false claims so they can identify these rotten apples. in the world of whistleblowing, the biggest weakness today are the rights of federal employees and they have been stalled out. but the qui tam law is working remarkably well through all administrations. host: are you still on the line with us? caller: i'm still here. host: how often do you do whistleblower work? caller: are not involved in whistleblower work myself. i studied in law school. i knew a couple of individuals who had some very large prospective -- isst: and my recommendation to pursue it. because the rank-and-file attorneys at the department of justice and the u.s. attorneys offices that actually work these cases are doing a great job. they are dedicated. they are honest. and i would never say that.
because we advocate for whistleblowers. it's only because we've worked with them, we've experienced it. that's why i talk about the new whistleblowing. it's a whole new era when the whistleblower can work with effective prosecutors to get justice. you actually raised another question about cam the qui tam whistleblower remain confidential. the answer to that is mixed. in most cases no. because you file in federal court. it's originally confidential. it's under seal. it eventually gets released pre-but the d.c. circuit judge last friday issued a very important decision about the rights of whistleblowers to remain anonymous and they set up a standard for anonymity. they reversed the tax court that did not grant a whistleblower anonymity. and that standard where there is good cause, you can get
anonymity. host: one last call for you from medina, new york. eddie is an independent. good morning. caller: morning. -- have to to know do with everything it's going on in america all around the world? host: what was? burridge?ild a where they get together every year and go to secret meetings and decide what's going to go on in the country? host: we will hold off on secret societies. guest: what i want to say about that is my experience and 35 years working with these whistleblower laws. whatever conspiracy and problems may be out there, these laws are working. and that's the message that i want to give. falses, the security, the claims act. they are working. they need to be supported. they need to be encouraged. we need to protect them.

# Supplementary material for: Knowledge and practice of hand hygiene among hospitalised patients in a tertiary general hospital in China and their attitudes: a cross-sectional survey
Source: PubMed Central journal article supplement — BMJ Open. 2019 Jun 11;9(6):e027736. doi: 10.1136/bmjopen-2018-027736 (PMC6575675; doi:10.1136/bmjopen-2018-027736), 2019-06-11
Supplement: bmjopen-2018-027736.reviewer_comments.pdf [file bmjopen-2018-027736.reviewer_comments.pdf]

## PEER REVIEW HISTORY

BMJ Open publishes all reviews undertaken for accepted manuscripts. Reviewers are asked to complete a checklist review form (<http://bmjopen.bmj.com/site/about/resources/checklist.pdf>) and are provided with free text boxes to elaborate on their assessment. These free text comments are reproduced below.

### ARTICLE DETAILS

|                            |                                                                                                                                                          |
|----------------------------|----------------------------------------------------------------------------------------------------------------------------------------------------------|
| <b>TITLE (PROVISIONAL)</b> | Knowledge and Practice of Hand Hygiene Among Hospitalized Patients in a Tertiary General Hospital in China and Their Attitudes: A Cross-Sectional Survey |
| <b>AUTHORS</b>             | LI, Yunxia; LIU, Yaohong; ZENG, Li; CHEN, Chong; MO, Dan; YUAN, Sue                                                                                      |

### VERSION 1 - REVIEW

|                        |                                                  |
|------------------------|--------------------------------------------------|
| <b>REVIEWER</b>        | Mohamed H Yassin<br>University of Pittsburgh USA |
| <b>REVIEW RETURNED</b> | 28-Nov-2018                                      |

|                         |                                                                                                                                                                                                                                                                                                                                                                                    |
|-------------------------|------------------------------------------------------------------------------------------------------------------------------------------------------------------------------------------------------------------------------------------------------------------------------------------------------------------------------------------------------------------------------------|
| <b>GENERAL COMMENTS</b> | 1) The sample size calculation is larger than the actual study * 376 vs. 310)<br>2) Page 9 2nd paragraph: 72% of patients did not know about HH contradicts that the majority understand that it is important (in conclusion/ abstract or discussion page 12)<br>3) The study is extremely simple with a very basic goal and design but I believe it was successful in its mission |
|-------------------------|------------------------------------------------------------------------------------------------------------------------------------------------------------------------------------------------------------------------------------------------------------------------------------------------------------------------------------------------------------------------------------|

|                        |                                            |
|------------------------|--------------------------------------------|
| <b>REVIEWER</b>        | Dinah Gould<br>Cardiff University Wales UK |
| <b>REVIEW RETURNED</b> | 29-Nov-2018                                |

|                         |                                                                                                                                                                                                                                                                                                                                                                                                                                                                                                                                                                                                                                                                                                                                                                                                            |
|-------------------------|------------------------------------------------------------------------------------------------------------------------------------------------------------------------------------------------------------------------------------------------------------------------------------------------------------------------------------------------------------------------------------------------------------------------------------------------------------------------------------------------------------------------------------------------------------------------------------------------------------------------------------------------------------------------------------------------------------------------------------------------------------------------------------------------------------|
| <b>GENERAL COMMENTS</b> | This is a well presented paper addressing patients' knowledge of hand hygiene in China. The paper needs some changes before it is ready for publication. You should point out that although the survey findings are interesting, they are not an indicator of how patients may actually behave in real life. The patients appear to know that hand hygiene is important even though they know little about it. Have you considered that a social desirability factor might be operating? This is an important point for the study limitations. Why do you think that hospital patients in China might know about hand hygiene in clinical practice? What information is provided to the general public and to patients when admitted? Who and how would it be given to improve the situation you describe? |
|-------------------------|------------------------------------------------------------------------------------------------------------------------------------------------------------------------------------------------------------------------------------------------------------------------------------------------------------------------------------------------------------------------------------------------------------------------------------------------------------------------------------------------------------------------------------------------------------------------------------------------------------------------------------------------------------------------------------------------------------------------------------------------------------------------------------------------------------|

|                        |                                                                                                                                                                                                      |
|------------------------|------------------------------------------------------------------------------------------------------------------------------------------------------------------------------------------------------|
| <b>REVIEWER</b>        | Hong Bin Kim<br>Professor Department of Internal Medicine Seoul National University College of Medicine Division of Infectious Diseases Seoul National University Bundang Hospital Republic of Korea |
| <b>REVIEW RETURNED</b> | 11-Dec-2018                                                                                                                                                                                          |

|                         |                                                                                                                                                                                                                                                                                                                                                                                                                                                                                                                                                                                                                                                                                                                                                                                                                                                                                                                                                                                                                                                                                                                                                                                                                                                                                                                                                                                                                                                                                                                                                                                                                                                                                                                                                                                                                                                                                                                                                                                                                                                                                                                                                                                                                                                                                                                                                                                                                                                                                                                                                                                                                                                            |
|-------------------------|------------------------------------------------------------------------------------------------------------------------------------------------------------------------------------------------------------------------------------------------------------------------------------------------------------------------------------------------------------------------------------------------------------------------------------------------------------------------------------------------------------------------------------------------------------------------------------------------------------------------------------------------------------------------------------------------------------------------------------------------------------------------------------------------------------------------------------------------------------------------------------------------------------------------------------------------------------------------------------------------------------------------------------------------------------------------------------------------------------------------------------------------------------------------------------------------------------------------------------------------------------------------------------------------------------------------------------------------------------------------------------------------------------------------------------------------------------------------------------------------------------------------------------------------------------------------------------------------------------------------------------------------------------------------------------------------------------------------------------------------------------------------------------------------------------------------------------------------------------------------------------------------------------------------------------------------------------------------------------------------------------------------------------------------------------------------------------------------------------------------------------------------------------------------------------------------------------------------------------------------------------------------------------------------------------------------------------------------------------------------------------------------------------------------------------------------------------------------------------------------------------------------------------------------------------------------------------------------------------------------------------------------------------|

stephen kohn is chairman of the board of directors at the national whistleblower center. he is the author of the book the new whistleblowers handbook. announcer: c-span's washington journal, live every day with news and policy issues that impact you. coming up wednesday morning, we are getting your reaction to the democratic presidential debate. join the conversation all morning with your phone calls, facebook comments and tweets. watch c-span's washington journal live at 7:00 a.m. eastern wednesday morning. can be sure to watch washington journal thursday morning following the second night of the democratic presidential candidates debate of the 2020 race. announcer: washington journal mugs are available at c-span's new online store. go to c-spanstore.org. check out the washington journal
mugs and see all of they c-span products. arkansas republican senator tom cotton sat down for a conversation on immigration and national security issues. this event was hosted by the center for immigration studies. host: good morning. mark: good morning. my name is mark krikorian, i'm executive director of the center for immigration studies, and we have done a series of interviews with important players in the immigration issue, whether in congress or in the administration. this morning's guest is senator